By Meredith Brown
The idyllic-looking primary and lower-secondary school I attended. Photo Credit: Sofia Vettenranta
Most of you have probably at least once in your life clicked on an article or video expounding the juicy secrets behind Finland’s success in global education rankings. They paint a picture that seems almost utopian, to say the least.
In Where to Invade Next, American filmmaker Michael Moore speaks with the Finnish Education Minister of the time, Krista Kiuru, about Finland’s educational strategies. The film cuts abruptly to Kiuru stating in a matter-of-fact way, “they do not have homework”. In the next cut, Moore is interviewing a group of Finnish upper-secondary pupils, asking them how many hours they spent doing their homework the previous night. The answers range from 10-20 minutes to “usually, I don’t really do homework that much”.
These comments probably scandalise a lot of viewers, who have internalised the idea that homework is an essential, though dreary, part of going through the school system. I imagine many teenagers watching, experiencing pangs of jealousy, comparing their own drudgery of hours of homework to that of the carefree Finnish kids, who can whisk through theirs in a quarter of an hour, if they even bother to do it at all.
The truth is, even I feel scandalised and jealous. But let me tell you something. I was born and raised in Finland. I went through the exact same education system as the one described in all those videos and articles. Granted, it doesn’t always feel that way. Thinking back on my school years, I’ll admit it was pretty easy until upper-secondary. But I was smart and enjoyed coming out on top of my class (which, to be fair, only consisted of eight pupils, so it’s not really much of an achievement). Also, I should probably clarify that most Finnish classrooms aren’t quite that small!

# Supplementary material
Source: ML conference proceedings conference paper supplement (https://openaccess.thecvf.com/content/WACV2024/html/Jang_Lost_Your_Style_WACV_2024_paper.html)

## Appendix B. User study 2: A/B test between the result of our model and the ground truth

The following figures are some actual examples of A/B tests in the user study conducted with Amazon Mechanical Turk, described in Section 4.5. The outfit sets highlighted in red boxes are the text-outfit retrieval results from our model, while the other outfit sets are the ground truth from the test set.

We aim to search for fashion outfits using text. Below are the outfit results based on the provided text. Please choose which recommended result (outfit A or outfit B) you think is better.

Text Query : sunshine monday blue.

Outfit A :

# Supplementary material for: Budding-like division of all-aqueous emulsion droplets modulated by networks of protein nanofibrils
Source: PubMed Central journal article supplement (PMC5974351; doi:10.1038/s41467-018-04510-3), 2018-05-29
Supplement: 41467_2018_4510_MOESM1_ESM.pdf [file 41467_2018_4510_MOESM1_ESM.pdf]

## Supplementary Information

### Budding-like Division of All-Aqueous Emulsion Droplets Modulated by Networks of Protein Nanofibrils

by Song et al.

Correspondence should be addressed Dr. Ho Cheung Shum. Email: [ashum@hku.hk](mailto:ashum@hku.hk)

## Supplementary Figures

Anyway, even then, I got homework – At least most days. And I’m pretty sure I often spent more than 15 minutes on it. In upper-secondary, where the pace and demands placed on pupils picked up considerably, I’m sure I must have spent at least an hour on homework most days, if not more. I really don’t know what the pupils in the documentary were on about, and I definitely have no idea why the Education Minister, who ought to know exactly what goes on in the country’s schools, claimed there was no homework. Unless it was, in fact, just for shock value.
Ultimately, that’s exactly what the problem is with a lot of these articles and videos. They mix the very real ways in which Finland aces its educational system, such as minimising standardised testing and the rigorous qualification protocols for would-be teachers (a Master’s degree, and, in most cases, studies in Education are mandatory) with exaggerated claims like the one about no homework. Seriously, just stick to the facts instead!
Categories: Arts and Culture